You need to plan ahead if you want to make these for Easter Sunday. Start the process on Saturday morning to bake the buns late Sunday morning. You will notice the ingredients are mostly in gram amounts, I have learned (from experience) when it comes to bread baking this will give the most consistent results. Digital scales work best and keep within 2g of the ingredient weight. Another handy and very affordable piece of equipment is a dough scraper for folding the dough and cutting without severing the gluten.
100g white spelt flour or white flour
100g filtered water
1 tablespoon sourdough starter (or 1/4 teaspoon dried yeast)
320g white spelt flour or organic white flour
5 g unrefined salt
2 teaspoons sugar
1 teaspoon cinnamon
1/2 teaspoon ground ginger
1/2 teaspoon ground cloves
pinch of nutmeg
100g raisins or sultanas
200g mashed roasted pumpkin (see note below)
melted butter for brushing
- Make the production starter in the morning of the first day (Saturday morning). Cover with a bowl cover or plastic bag and leave to ferment for 12 hours - after this time the starter will have visible bubbles and roughly double in size.
- In the early evening around 6 - 7pm make the dough. First weigh the dry ingredients into a large mixing bowl. Use a whisk to combine and aerate.
- Put the milk and butter into a saucepan and gently heat until the butter is melted. Don't boil, just warm the milk. Remove from the heat add the pumpkin flesh, mashing with a fork to combine or use a stick blender to purée. Pour this mixture over the dry ingredients along with the production starter. Use a dough scraper or spatula to mix for 2 minutes to thoroughly incorporate the ingredients. The dough will feel a little sticky at this stage but it shouldn't feel wet. However, as pumpkin moisture content can vary if the dough feels very sticky and wet add 20g extra flour and mix well to combine.
- Cover the bowl with a plastic bag so the dough doesn't dry out and leave to rise at room temperature (if it is cool in your kitchen then place the bowl somewhere warm) for 3 hours. Before bed place the bowl in the fridge and leave to rise for 10 - 12 hours.
- In the morning (7 - 8am) remove the dough from the fridge and tip onto a bench - resist the urge to add extra flour, the cold risen dough should be reasonable easy to handle. Knead half a dozen times to develop the gluten for the final rise. Next use a dough scraper or 'blunt' butter knife to cut into 12 even sized pieces. Use your fingers to gently fold the cut edges under to make a rounded bun shape. Place the buns on a lined baking tray with 1cm space between each. Cover with a plastic bag and set aside to rise for 2 - 4 hours (how long they take to rise depends on the temperature of your kitchen). Once the buns are just touching and visibly risen they are ready to bake.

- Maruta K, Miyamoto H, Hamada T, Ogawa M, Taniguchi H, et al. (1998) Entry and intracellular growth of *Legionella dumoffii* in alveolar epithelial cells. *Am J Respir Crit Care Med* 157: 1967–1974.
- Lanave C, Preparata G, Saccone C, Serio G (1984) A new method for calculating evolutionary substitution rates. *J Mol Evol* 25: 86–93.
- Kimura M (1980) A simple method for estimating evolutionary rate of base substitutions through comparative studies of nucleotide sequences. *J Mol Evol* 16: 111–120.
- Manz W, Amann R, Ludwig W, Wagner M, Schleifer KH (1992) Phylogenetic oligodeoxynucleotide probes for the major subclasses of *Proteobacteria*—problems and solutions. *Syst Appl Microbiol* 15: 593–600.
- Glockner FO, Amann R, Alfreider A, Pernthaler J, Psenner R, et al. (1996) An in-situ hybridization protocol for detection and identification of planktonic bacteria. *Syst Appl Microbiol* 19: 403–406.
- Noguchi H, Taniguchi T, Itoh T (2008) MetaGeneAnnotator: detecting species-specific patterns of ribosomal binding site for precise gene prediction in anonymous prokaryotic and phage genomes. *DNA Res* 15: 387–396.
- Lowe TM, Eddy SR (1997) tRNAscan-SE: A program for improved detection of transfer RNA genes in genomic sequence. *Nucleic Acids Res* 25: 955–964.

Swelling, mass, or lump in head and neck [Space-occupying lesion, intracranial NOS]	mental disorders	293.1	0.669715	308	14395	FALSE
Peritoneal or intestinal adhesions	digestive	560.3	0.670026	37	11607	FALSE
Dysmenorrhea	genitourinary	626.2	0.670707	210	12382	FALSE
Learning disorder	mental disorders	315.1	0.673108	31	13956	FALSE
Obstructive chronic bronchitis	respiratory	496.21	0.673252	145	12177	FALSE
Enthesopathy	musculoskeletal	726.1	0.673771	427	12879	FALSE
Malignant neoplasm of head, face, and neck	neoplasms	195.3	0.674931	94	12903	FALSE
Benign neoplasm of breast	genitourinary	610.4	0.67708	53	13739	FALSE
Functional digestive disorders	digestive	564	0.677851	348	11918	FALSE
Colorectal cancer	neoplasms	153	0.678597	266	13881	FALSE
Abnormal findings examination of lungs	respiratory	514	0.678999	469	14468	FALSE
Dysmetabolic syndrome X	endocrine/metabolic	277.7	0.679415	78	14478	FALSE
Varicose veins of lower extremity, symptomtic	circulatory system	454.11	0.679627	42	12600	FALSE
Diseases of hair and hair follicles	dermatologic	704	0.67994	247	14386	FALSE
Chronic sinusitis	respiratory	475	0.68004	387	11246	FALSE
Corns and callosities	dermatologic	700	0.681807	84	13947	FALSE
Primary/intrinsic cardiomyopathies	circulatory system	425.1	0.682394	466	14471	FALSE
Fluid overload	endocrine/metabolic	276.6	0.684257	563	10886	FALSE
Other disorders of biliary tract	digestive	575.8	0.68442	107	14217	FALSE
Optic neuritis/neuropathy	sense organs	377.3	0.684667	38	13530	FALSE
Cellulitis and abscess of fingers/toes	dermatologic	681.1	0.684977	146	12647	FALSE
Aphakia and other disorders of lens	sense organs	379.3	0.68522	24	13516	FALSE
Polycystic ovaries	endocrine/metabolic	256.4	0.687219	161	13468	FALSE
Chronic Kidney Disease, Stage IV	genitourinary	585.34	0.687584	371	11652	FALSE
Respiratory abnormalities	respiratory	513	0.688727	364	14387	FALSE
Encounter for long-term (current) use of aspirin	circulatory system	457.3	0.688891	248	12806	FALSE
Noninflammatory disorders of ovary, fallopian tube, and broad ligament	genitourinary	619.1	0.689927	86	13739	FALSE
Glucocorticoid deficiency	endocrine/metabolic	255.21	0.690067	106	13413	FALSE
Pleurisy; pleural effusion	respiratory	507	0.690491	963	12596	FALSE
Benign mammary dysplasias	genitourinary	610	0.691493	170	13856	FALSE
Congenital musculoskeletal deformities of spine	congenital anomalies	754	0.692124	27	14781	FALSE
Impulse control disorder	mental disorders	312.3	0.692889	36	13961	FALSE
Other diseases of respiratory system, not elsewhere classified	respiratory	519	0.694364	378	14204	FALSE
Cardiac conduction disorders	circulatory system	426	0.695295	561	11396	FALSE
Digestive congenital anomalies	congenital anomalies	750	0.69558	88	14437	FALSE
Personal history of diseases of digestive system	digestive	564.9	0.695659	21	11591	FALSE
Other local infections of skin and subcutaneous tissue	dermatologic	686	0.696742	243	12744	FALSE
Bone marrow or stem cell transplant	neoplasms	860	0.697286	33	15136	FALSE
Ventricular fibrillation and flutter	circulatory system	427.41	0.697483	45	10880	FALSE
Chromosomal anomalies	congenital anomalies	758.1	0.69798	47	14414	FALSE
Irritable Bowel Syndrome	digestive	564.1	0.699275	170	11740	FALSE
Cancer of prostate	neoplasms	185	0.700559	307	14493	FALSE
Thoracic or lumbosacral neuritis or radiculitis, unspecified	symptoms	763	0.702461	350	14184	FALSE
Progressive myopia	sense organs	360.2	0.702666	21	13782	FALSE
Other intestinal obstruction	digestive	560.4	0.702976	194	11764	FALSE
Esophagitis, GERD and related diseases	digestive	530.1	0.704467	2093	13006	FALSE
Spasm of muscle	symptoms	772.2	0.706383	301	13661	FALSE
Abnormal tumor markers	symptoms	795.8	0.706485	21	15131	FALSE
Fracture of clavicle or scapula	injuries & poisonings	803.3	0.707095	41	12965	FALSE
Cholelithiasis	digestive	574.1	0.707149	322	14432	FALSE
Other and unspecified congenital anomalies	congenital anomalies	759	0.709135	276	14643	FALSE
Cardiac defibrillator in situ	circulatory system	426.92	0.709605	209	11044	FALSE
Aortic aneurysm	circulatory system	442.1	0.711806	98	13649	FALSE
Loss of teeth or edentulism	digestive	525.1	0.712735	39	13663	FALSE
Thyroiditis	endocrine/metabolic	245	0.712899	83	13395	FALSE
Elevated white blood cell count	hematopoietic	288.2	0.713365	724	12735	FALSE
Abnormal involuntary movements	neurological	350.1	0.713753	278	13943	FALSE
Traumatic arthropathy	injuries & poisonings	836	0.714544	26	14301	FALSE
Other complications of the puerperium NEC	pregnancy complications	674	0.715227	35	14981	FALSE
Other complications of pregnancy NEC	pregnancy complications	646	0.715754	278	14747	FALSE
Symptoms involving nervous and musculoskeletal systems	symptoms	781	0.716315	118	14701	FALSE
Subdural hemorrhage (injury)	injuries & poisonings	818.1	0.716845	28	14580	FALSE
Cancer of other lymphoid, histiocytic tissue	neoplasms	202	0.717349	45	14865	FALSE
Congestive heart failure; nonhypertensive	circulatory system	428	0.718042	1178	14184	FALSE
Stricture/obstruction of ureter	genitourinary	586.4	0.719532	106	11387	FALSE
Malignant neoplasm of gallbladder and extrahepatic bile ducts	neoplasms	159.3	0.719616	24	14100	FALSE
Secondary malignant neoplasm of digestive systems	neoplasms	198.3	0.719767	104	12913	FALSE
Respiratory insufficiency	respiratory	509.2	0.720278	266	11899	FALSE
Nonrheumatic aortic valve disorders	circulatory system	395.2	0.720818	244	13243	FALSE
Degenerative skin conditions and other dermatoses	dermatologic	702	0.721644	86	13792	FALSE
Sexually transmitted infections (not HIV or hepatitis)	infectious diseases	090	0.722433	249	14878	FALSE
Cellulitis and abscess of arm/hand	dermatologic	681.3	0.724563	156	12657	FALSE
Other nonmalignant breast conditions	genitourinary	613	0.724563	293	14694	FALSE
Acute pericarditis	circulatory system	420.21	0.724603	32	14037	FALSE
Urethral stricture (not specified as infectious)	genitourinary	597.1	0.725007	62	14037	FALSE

- Preheat the oven to 220C. Place the buns into the hot oven and immediately turn the temperature down to 200C. Bake for 30 minutes until golden. Check after 20 minutes and if the buns are getting nicely brown on top cover with a sheet of baking paper so they don't brown further. Remove from the oven and cool on cake rack, brush with melted butter or ghee to give the buns a nice shine. Best eaten warm from the oven with a thick spread of butter - they are also lovely toasted the next day.
To make the crosses combine 3 tablespoons flour with 2 tablespoons water, spoon into a ziplock bag and cut a small hole (approx 2mm) in one of the corners. Twist the bag and slowly squeeze out the paste onto the buns to make crosses. Roast Pumpkin - when roasting pumpkin for dinner I often bake extra for adding to baking. I slice the pumpkin into wedges - leaving the skin on as this is easy to peel off once cooked. Brush with a little ghee or coconut oil and season lightly with salt. Roast for 30 minutes at 190C until tender, flipping the pumpkin wedges after 15 minutes for even cooking. Cool then remove the skin and mash or puree.